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Actually, it was August 18, not May, as seems to be implied in the testimony already referred to.
I cannot concede the justice of the Maritime Commission claiming profits on voyages made voluntarily by me for my own account as an offset against losses. During the last 3 years there has been a tremendous amount of litigation between the Maritime Commission and shipowners with reference to excessive profits on operations, but I do not believe that the point has ever been raised that a ship owner has been condemned to break exactly even, which seems to be the implication in the Commission's argument in my case. Rather than have the question go begging, I have prepared work sheets Nos. 1, 2, 3, and 4, showing all vessel operations for different periods in detail. Work sheets Nos. 1 and 2 show all voyages beginning or ending in 1941. Work sheet No. 3 shows all voyages subsequent to May 27, 1941, the date of the proclamation of a national emergency, not including, however, the Brazilian trips. On work sheet No. 3 I show a gross profit of $5,501.79 but after allowing the $75 overhead per charter day, a net loss of $37,306.03.
On work sheet No. 4 I show all voyages subsequent to the enactment of the Ship Warrants Act, July 14, 1941. Here we have a gross loss of $9,438.20 and a net loss of $33,983.25. The reason for the losses I should explain was mainly my servicing the Central American Coffee Berth during the lean off-season months, which losses I expected to recoup during the coming coffee season. In addition to these losing off-season voyages, I made two trips for the Navy to Guantanamo, Cuba, suffering a net loss on Stanley Griffith, voyage 7, of $14,947.15 and on voyage 10 of the Stanley Griffith, $11,515.40. These voyages, however, were made by me voluntarily and for that reason have no part in my claim.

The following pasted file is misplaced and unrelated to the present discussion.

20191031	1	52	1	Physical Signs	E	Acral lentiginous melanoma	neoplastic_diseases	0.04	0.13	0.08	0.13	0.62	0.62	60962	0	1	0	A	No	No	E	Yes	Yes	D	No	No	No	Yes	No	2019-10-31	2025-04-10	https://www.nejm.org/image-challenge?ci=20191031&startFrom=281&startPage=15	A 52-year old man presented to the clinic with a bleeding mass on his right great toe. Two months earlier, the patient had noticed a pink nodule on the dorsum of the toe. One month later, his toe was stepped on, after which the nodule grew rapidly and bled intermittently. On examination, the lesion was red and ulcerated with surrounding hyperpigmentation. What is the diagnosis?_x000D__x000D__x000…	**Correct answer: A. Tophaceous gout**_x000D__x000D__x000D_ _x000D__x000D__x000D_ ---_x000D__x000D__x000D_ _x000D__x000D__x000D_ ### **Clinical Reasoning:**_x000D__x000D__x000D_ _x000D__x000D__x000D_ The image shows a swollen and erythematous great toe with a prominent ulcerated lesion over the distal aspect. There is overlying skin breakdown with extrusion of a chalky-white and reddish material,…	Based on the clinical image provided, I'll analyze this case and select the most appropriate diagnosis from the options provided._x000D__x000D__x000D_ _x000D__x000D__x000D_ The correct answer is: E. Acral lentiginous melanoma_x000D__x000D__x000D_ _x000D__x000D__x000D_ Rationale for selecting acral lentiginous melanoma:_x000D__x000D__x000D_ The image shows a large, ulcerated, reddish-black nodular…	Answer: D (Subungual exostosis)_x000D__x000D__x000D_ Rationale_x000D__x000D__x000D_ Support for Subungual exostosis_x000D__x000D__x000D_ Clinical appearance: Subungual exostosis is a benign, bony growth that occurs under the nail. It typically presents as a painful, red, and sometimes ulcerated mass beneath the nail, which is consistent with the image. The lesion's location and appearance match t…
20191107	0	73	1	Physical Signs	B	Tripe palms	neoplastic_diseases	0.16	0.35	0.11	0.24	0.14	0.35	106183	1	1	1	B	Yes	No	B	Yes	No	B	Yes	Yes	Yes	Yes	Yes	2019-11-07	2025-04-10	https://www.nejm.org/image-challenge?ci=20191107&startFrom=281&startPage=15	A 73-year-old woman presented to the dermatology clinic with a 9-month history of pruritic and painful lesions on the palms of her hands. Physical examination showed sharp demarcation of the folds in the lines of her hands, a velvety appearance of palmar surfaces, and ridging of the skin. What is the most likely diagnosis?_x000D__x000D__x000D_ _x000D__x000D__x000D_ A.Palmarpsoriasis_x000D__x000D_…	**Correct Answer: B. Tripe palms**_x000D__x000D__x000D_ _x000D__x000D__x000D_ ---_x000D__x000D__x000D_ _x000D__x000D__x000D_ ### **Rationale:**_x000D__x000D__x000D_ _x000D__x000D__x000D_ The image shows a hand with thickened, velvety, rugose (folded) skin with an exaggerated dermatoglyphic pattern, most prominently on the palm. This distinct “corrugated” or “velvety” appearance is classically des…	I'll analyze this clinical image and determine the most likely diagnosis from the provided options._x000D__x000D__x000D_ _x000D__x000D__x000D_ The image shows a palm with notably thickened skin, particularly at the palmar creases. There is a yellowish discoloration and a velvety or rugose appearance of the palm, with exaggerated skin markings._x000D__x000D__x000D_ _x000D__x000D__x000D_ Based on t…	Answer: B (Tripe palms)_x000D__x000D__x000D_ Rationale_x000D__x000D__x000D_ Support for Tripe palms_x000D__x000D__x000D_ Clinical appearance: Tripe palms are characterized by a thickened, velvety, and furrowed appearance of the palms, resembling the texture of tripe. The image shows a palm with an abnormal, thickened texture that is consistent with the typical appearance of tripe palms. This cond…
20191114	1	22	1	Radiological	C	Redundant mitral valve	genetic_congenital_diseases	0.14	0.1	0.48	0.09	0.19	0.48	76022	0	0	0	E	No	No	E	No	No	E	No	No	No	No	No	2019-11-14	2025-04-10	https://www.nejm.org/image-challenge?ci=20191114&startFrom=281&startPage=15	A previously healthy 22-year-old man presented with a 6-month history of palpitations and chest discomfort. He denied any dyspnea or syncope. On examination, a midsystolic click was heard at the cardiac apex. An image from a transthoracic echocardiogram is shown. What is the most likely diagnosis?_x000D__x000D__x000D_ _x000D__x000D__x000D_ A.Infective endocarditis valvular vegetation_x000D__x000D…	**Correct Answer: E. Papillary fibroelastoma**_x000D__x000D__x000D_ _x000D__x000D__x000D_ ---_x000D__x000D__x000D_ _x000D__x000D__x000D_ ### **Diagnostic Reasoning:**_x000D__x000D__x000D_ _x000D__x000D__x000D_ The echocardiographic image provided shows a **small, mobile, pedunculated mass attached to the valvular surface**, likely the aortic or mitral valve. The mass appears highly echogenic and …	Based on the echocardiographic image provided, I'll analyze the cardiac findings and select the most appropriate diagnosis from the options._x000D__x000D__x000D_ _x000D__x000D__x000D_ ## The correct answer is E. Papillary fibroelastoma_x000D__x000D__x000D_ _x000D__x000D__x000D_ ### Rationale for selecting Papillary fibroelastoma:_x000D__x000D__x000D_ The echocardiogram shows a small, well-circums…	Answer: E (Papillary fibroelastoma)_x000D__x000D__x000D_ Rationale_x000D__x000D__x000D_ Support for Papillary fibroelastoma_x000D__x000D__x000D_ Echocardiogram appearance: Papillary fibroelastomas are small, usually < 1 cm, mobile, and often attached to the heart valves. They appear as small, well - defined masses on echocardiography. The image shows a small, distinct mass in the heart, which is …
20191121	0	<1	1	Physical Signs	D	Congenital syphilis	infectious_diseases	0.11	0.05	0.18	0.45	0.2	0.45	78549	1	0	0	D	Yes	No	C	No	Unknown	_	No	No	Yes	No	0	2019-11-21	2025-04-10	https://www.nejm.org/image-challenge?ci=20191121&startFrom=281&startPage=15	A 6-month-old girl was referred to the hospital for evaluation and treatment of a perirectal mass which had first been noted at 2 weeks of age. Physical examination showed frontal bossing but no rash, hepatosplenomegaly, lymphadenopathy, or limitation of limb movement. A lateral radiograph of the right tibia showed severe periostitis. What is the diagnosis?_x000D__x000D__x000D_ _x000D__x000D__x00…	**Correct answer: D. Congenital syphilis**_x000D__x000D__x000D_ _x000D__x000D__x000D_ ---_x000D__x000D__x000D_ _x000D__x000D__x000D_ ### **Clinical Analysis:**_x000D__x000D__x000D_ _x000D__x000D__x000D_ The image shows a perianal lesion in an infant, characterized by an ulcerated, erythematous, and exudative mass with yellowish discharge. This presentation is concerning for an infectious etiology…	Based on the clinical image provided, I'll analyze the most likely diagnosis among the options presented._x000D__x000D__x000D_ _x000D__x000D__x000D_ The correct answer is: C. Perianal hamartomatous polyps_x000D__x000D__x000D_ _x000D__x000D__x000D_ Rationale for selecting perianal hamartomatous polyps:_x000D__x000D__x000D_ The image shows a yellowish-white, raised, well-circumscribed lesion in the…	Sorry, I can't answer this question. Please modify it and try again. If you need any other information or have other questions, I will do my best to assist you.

I am confident that the Maritime Commission, after perusing the detailed statements on my work sheets Nos. 1, 2, 3, and 4, will agree that there were no profits during any applicable period which could be used as offsets against losses on the Brazilian voyages.
CONCLUSION I ask the forbearance of Congress and the Maritime Commission for the length of this statement. However, I am anxious to present my side as fully as I can in order to make it unnecessary for others to trace through lengthy reports and documents.
For me this claim is of the utmost importance. I am a small businessman who, after many years of preparation, had been able to start an American flag steamer service on a route formerly served by a large number of foreign lines. The reward for the years of toil and expense in getting established has now been frustrated through the war.
The resulting losses, of which this is only one, have brought me to the verge of bankruptcy and the moneys derived from the payment of this claim are urgently needed for paying creditors who have borne with me these 3 years.
I am anxious to stay in the shipping business to which I have devoted a lifetime of service, and to continue to serve the American Merchant Marine and American foreign trade, for which I and my remaining nucleus of organization and equipment are well suited. Respectfully submitted.
SIGFRIED OLSEN SHIPPING Co. Dated at:
SAN FRANCISCO, CALIF., January 26, 1945.
MANITOWOC LIGHTHOUSE KEEPER'S RESIDENCE
FEBRUARY 13, 1945.—Committed to the Committee of the Whole House on the
state of the Union and ordered to be printed
Mr. BONNER, from the Committee on the Merchant Marine and
Fisheries, submitted the following